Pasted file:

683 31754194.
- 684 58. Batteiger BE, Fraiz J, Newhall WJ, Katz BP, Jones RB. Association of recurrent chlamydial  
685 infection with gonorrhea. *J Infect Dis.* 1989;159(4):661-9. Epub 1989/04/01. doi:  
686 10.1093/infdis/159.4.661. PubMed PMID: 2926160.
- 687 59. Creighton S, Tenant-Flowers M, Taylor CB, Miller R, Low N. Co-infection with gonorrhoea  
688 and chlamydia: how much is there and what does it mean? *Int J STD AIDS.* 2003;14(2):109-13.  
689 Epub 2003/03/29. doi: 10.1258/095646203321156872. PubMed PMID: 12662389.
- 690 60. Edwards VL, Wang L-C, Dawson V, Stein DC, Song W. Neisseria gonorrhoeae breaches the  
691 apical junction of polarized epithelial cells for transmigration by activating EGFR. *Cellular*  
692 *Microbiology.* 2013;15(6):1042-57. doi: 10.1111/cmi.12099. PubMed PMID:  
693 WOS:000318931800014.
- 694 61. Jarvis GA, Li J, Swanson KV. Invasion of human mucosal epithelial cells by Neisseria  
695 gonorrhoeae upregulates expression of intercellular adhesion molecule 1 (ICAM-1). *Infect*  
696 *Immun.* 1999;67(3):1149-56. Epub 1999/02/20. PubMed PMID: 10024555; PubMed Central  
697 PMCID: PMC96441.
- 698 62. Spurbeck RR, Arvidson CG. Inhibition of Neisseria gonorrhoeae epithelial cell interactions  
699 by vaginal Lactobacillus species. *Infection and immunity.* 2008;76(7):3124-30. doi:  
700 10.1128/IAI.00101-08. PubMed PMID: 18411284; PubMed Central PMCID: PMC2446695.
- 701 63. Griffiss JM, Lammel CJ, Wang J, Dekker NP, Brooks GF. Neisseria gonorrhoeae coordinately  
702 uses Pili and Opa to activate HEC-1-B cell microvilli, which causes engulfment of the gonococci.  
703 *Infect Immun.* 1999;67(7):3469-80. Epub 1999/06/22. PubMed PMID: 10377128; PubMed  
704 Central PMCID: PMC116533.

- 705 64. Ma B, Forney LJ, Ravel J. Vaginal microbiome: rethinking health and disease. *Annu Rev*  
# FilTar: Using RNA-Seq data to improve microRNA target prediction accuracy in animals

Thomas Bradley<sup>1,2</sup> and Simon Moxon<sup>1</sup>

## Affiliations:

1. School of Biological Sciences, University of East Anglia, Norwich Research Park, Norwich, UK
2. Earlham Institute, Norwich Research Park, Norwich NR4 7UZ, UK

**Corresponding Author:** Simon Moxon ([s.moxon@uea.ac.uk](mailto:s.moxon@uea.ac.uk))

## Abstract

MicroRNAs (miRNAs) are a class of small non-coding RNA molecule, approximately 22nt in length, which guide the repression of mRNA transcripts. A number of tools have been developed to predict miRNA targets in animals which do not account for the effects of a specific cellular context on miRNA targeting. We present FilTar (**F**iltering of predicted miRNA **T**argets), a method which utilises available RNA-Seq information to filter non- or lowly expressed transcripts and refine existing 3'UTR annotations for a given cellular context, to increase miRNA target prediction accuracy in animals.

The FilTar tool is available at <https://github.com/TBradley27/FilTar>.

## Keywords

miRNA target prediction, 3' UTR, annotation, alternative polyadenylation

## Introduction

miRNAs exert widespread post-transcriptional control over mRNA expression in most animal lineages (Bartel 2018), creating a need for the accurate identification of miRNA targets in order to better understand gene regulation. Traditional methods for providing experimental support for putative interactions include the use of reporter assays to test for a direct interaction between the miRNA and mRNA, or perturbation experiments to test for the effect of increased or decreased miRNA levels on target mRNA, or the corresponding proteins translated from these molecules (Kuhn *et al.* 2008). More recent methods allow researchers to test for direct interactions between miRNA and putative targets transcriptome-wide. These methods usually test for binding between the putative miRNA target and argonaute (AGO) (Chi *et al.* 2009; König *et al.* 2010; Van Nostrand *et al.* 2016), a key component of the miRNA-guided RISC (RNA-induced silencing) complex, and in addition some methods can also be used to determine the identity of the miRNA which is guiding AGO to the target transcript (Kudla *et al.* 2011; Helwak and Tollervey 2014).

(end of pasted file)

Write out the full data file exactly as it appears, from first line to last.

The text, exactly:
683 31754194.
- 684 58. Batteiger BE, Fraiz J, Newhall WJ, Katz BP, Jones RB. Association of recurrent chlamydial  
685 infection with gonorrhea. *J Infect Dis.* 1989;159(4):661-9. Epub 1989/04/01. doi:  
686 10.1093/infdis/159.4.661. PubMed PMID: 2926160.
- 687 59. Creighton S, Tenant-Flowers M, Taylor CB, Miller R, Low N. Co-infection with gonorrhoea  
688 and chlamydia: how much is there and what does it mean? *Int J STD AIDS.* 2003;14(2):109-13.  
689 Epub 2003/03/29. doi: 10.1258/095646203321156872. PubMed PMID: 12662389.
- 690 60. Edwards VL, Wang L-C, Dawson V, Stein DC, Song W. Neisseria gonorrhoeae breaches the  
691 apical junction of polarized epithelial cells for transmigration by activating EGFR. *Cellular*  
692 *Microbiology.* 2013;15(6):1042-57. doi: 10.1111/cmi.12099. PubMed PMID:  
693 WOS:000318931800014.
- 694 61. Jarvis GA, Li J, Swanson KV. Invasion of human mucosal epithelial cells by Neisseria  
695 gonorrhoeae upregulates expression of intercellular adhesion molecule 1 (ICAM-1). *Infect*  
696 *Immun.* 1999;67(3):1149-56. Epub 1999/02/20. PubMed PMID: 10024555; PubMed Central  
697 PMCID: PMC96441.
- 698 62. Spurbeck RR, Arvidson CG. Inhibition of Neisseria gonorrhoeae epithelial cell interactions  
699 by vaginal Lactobacillus species. *Infection and immunity.* 2008;76(7):3124-30. doi:  
700 10.1128/IAI.00101-08. PubMed PMID: 18411284; PubMed Central PMCID: PMC2446695.
- 701 63. Griffiss JM, Lammel CJ, Wang J, Dekker NP, Brooks GF. Neisseria gonorrhoeae coordinately  
702 uses Pili and Opa to activate HEC-1-B cell microvilli, which causes engulfment of the gonococci.  
703 *Infect Immun.* 1999;67(7):3469-80. Epub 1999/06/22. PubMed PMID: 10377128; PubMed  
704 Central PMCID: PMC116533.

- 705 64. Ma B, Forney LJ, Ravel J. Vaginal microbiome: rethinking health and disease. *Annu Rev*  
# FilTar: Using RNA-Seq data to improve microRNA target prediction accuracy in animals

Thomas Bradley<sup>1,2</sup> and Simon Moxon<sup>1</sup>

## Affiliations:

1. School of Biological Sciences, University of East Anglia, Norwich Research Park, Norwich, UK
2. Earlham Institute, Norwich Research Park, Norwich NR4 7UZ, UK

**Corresponding Author:** Simon Moxon ([s.moxon@uea.ac.uk](mailto:s.moxon@uea.ac.uk))

## Abstract

MicroRNAs (miRNAs) are a class of small non-coding RNA molecule, approximately 22nt in length, which guide the repression of mRNA transcripts. A number of tools have been developed to predict miRNA targets in animals which do not account for the effects of a specific cellular context on miRNA targeting. We present FilTar (**F**iltering of predicted miRNA **T**argets), a method which utilises available RNA-Seq information to filter non- or lowly expressed transcripts and refine existing 3'UTR annotations for a given cellular context, to increase miRNA target prediction accuracy in animals.

The FilTar tool is available at <https://github.com/TBradley27/FilTar>.

## Keywords

miRNA target prediction, 3' UTR, annotation, alternative polyadenylation

## Introduction

miRNAs exert widespread post-transcriptional control over mRNA expression in most animal lineages (Bartel 2018), creating a need for the accurate identification of miRNA targets in order to better understand gene regulation. Traditional methods for providing experimental support for putative interactions include the use of reporter assays to test for a direct interaction between the miRNA and mRNA, or perturbation experiments to test for the effect of increased or decreased miRNA levels on target mRNA, or the corresponding proteins translated from these molecules (Kuhn *et al.* 2008). More recent methods allow researchers to test for direct interactions between miRNA and putative targets transcriptome-wide. These methods usually test for binding between the putative miRNA target and argonaute (AGO) (Chi *et al.* 2009; König *et al.* 2010; Van Nostrand *et al.* 2016), a key component of the miRNA-guided RISC (RNA-induced silencing) complex, and in addition some methods can also be used to determine the identity of the miRNA which is guiding AGO to the target transcript (Kudla *et al.* 2011; Helwak and Tollervey 2014).